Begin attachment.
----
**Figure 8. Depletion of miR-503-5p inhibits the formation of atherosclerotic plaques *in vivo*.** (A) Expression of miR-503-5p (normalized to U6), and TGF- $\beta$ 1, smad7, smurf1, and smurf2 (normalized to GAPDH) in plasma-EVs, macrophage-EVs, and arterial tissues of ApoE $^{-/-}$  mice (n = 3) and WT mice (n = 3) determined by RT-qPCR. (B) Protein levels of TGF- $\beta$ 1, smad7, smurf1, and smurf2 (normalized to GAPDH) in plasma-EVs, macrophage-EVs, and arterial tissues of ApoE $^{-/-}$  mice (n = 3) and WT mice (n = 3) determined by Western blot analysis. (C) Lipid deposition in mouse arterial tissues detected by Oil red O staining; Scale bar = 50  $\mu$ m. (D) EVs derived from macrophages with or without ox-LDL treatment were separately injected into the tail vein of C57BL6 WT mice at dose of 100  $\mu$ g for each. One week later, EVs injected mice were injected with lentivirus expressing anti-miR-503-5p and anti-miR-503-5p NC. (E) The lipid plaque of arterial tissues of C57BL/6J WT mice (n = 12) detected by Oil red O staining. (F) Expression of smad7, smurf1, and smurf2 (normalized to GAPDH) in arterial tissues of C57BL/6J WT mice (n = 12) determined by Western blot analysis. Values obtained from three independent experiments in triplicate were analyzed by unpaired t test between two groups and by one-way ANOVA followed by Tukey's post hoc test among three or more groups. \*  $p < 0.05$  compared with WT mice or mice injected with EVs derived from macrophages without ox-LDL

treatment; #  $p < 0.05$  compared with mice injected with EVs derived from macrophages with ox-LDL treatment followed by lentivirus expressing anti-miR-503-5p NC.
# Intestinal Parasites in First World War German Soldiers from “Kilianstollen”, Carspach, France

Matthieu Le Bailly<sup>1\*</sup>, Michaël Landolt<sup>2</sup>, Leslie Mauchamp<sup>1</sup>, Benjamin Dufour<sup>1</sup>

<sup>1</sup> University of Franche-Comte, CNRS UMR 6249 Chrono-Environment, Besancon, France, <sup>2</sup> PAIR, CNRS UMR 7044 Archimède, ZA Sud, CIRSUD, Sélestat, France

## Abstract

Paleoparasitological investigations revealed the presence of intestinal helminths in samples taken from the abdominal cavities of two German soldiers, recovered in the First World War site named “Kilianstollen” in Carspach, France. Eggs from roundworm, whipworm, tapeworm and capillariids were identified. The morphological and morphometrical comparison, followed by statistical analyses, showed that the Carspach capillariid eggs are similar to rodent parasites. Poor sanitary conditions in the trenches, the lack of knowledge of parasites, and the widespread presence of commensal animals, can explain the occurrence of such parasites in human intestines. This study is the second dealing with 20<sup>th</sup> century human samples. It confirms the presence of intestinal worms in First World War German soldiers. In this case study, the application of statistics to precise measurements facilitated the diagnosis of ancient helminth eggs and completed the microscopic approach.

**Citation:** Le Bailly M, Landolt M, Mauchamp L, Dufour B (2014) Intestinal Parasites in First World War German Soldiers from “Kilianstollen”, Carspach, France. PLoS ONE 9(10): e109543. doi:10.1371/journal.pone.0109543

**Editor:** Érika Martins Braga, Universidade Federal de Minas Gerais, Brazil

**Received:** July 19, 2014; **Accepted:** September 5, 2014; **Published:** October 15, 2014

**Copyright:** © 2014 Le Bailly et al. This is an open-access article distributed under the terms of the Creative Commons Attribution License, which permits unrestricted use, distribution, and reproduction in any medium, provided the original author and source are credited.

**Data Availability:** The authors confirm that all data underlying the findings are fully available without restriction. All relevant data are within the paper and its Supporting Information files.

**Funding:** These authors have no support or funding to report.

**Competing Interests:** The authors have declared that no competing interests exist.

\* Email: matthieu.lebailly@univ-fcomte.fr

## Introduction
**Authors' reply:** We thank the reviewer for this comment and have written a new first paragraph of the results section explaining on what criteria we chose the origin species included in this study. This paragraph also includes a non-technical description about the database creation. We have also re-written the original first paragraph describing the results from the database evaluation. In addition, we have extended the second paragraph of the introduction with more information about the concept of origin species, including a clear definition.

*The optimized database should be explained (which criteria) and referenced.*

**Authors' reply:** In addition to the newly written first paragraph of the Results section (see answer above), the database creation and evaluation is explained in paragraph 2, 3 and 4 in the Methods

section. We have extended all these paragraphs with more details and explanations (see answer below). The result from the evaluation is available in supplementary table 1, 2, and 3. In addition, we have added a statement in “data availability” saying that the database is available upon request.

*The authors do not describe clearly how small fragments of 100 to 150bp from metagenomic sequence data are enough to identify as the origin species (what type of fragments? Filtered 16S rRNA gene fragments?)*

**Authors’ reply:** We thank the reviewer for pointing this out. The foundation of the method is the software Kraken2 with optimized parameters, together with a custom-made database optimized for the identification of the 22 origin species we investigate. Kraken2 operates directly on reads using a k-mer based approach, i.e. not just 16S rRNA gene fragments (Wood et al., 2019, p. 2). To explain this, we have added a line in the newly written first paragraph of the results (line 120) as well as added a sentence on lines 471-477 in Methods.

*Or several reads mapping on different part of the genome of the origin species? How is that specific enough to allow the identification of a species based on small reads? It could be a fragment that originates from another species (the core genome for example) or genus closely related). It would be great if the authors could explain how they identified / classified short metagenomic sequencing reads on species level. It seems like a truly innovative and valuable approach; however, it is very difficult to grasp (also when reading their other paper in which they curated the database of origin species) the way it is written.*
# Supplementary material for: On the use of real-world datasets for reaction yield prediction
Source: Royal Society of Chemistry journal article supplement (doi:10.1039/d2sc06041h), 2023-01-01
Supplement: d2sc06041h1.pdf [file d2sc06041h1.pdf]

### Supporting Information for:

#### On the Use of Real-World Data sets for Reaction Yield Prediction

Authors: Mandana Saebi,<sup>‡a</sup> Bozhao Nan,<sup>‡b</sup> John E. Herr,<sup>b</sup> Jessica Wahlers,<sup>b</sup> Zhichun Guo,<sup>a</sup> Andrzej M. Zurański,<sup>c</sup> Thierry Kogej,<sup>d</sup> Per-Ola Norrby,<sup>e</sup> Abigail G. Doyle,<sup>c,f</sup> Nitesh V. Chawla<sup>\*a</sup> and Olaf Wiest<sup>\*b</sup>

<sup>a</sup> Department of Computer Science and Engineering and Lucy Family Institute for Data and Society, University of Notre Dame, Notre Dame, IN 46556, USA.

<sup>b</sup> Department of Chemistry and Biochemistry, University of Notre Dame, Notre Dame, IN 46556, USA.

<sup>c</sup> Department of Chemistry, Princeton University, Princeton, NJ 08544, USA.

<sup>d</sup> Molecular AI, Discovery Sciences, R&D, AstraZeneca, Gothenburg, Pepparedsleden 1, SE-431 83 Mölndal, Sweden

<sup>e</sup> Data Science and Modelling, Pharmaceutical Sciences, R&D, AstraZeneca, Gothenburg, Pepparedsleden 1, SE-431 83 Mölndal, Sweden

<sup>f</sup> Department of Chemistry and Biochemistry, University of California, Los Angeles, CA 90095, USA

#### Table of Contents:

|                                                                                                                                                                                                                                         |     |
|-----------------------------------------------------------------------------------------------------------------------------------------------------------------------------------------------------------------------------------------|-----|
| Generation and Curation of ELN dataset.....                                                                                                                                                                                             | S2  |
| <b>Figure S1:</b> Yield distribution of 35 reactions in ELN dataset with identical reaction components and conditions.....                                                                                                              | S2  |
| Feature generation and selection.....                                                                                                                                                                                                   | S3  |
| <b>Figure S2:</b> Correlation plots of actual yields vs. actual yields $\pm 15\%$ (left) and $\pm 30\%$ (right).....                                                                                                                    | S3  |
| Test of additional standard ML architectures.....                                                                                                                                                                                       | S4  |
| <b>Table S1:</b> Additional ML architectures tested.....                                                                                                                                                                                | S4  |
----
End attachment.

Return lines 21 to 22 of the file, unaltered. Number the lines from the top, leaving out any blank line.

*The authors do not describe clearly how small fragments of 100 to 150bp from metagenomic sequence data are enough to identify as the origin species (what type of fragments? Filtered 16S rRNA gene fragments?)*

**Authors’ reply:** We thank the reviewer for pointing this out. The foundation of the method is the software Kraken2 with optimized parameters, together with a custom-made database optimized for the identification of the 22 origin species we investigate. Kraken2 operates directly on reads using a k-mer based approach, i.e. not just 16S rRNA gene fragments (Wood et al., 2019, p. 2). To explain this, we have added a line in the newly written first paragraph of the results (line 120) as well as added a sentence on lines 471-477 in Methods.